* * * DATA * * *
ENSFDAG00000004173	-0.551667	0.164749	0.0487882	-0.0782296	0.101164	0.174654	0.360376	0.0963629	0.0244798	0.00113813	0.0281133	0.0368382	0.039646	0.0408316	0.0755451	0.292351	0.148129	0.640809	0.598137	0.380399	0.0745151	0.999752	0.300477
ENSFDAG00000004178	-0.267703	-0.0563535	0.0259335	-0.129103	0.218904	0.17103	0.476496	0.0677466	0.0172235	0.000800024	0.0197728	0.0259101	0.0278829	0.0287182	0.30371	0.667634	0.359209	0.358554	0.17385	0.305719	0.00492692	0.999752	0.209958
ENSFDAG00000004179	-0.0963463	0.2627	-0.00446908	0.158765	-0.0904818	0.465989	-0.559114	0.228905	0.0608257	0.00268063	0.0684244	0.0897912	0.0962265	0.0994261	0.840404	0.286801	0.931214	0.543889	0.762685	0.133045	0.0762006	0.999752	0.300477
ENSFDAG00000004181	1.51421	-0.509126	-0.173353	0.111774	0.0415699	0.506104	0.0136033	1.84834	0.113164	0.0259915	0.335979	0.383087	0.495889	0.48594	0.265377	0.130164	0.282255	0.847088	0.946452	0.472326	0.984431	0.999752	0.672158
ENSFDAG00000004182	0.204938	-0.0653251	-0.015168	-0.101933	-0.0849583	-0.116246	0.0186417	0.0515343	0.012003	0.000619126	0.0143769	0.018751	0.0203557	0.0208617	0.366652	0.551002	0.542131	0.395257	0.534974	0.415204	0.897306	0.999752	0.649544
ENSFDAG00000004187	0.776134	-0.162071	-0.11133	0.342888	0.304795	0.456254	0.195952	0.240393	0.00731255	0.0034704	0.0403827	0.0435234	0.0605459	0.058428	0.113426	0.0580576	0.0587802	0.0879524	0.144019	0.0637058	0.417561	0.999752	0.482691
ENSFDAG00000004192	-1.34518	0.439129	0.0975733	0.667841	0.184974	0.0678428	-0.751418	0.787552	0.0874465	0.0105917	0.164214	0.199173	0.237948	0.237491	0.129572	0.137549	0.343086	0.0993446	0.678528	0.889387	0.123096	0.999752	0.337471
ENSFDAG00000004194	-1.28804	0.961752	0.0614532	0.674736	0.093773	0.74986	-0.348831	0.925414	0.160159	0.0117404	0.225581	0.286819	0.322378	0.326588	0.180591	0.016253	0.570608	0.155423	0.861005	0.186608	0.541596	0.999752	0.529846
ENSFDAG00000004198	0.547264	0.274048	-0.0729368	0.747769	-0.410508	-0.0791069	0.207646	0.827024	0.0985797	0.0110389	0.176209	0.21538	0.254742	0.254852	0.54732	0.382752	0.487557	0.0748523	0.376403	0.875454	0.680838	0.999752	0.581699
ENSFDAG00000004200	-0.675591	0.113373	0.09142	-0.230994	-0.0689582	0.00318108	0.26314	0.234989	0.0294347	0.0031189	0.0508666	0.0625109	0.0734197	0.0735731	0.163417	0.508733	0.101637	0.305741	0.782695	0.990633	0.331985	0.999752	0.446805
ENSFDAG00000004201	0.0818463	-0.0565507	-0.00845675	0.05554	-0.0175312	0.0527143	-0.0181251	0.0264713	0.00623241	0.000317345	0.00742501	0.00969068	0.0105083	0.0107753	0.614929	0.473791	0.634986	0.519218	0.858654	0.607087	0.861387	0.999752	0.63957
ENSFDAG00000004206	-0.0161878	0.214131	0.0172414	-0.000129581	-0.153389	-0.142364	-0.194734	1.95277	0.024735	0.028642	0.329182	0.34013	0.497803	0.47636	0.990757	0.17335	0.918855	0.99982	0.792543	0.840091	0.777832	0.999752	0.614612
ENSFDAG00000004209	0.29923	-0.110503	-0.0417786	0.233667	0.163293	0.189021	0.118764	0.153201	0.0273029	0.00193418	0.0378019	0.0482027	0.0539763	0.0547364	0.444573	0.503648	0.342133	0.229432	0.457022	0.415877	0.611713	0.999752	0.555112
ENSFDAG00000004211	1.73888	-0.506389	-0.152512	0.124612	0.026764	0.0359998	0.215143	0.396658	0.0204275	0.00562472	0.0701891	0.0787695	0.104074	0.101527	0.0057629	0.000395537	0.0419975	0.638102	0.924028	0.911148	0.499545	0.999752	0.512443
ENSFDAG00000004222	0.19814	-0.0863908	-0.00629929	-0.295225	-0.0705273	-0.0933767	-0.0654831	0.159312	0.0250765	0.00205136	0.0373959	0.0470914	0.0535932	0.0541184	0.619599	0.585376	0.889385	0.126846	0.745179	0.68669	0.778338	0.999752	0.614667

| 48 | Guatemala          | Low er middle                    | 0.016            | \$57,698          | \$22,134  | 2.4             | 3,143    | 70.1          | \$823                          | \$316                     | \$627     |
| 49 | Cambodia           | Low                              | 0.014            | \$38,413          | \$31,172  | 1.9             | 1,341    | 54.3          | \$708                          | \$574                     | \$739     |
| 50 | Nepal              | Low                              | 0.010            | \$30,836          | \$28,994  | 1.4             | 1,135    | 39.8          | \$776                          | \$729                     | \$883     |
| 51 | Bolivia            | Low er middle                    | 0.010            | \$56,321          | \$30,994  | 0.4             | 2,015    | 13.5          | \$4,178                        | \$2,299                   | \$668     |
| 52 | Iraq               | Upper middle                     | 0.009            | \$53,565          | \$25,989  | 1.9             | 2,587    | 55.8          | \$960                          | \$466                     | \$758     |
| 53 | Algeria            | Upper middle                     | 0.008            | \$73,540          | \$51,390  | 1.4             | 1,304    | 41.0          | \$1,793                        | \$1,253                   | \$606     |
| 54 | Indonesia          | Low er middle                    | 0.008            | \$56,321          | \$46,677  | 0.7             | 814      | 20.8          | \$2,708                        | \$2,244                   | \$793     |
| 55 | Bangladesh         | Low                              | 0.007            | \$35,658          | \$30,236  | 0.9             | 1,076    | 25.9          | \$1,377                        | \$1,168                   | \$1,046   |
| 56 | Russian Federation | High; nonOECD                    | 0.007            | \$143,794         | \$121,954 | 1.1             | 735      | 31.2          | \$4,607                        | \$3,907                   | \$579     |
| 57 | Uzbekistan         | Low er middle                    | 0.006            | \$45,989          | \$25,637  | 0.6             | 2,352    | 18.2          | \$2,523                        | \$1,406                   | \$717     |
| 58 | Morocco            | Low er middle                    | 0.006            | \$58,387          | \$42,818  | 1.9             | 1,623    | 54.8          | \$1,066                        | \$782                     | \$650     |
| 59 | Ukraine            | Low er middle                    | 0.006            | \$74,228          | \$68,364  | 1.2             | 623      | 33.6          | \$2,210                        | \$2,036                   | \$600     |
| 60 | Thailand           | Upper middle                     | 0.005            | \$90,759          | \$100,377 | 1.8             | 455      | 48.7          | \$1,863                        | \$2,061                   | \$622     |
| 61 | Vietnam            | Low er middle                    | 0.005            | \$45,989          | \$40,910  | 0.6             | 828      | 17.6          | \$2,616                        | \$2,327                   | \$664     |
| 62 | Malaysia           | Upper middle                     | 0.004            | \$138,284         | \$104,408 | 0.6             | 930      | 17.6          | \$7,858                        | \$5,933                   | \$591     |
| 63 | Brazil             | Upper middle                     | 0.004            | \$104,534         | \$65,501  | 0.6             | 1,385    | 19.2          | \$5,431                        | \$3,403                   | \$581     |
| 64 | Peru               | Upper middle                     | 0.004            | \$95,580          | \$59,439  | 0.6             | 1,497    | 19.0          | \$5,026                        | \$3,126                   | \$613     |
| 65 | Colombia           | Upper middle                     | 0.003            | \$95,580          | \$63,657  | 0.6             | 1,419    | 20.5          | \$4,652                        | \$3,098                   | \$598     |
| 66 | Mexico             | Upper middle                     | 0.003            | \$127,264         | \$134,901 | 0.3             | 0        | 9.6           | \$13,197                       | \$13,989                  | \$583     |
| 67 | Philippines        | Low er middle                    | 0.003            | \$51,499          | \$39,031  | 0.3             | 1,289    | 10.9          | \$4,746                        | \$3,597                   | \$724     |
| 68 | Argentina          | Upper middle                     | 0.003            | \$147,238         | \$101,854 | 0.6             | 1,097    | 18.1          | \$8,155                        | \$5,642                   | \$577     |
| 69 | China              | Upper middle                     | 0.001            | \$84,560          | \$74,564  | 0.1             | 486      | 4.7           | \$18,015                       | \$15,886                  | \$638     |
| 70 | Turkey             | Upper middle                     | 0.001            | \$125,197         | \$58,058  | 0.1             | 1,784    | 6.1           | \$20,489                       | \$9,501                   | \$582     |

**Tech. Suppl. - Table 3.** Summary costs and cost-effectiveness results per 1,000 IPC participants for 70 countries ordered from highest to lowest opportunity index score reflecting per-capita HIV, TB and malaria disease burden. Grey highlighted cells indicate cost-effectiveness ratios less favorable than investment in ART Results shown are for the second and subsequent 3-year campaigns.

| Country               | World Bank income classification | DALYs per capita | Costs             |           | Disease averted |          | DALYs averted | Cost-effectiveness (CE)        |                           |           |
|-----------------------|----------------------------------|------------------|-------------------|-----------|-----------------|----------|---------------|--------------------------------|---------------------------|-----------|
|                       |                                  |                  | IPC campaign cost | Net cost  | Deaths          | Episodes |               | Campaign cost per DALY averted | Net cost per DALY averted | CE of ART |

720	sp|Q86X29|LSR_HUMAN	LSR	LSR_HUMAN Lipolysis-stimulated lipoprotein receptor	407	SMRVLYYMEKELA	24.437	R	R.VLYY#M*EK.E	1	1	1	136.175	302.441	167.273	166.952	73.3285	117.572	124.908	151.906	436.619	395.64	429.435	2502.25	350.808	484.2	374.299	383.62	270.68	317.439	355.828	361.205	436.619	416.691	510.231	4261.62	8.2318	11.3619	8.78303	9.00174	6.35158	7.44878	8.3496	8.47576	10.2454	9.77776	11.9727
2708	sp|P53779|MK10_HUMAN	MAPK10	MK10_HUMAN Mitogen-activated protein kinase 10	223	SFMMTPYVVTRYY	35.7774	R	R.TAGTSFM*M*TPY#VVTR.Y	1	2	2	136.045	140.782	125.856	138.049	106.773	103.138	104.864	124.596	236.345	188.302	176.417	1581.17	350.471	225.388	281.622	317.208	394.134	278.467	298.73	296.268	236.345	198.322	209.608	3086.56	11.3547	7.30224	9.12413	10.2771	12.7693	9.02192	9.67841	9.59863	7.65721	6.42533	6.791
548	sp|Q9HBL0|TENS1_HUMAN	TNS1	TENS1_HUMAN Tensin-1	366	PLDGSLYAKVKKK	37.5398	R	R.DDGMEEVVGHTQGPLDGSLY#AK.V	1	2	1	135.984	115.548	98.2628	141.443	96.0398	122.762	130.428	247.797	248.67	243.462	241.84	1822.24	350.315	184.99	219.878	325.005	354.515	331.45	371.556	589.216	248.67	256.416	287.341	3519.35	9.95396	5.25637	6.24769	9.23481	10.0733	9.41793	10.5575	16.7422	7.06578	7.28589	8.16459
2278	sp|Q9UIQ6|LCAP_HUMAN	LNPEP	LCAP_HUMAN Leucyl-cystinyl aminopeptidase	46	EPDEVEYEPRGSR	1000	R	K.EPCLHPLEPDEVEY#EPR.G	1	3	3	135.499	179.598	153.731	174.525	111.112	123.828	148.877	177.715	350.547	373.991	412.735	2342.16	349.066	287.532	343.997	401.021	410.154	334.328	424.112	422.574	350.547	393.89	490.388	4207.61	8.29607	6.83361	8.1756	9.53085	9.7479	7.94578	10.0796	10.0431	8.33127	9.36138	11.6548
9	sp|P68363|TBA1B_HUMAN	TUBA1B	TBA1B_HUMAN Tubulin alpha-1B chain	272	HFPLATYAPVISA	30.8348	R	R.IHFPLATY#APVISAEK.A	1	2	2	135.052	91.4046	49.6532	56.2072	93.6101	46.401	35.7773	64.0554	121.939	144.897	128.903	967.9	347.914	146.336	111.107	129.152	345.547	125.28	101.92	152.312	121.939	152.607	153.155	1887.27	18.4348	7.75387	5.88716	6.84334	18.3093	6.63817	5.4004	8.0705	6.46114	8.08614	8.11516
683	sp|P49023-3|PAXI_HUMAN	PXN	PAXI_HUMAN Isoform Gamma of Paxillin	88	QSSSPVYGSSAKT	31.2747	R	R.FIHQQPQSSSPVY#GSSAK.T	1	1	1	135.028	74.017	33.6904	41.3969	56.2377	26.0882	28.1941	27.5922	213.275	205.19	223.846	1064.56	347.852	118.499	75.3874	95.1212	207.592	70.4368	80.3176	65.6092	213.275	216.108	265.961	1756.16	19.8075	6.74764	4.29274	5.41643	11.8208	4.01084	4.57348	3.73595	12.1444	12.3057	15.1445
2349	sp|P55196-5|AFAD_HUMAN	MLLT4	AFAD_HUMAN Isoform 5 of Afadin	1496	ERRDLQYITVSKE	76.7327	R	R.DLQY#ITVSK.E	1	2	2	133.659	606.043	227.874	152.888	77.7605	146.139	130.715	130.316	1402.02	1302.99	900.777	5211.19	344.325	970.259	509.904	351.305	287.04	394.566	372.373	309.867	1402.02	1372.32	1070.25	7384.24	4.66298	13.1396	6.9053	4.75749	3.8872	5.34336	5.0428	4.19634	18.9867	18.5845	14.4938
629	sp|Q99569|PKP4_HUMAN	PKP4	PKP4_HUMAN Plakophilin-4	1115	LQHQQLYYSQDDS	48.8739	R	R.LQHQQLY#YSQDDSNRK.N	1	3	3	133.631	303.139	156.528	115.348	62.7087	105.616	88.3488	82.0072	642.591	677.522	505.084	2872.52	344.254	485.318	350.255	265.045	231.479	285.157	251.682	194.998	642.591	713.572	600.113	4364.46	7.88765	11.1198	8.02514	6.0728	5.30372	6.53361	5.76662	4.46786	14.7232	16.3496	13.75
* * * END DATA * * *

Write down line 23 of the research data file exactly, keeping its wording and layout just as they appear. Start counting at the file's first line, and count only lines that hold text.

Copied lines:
| 55 | Bangladesh         | Low                              | 0.007            | \$35,658          | \$30,236  | 0.9             | 1,076    | 25.9          | \$1,377                        | \$1,168                   | \$1,046   |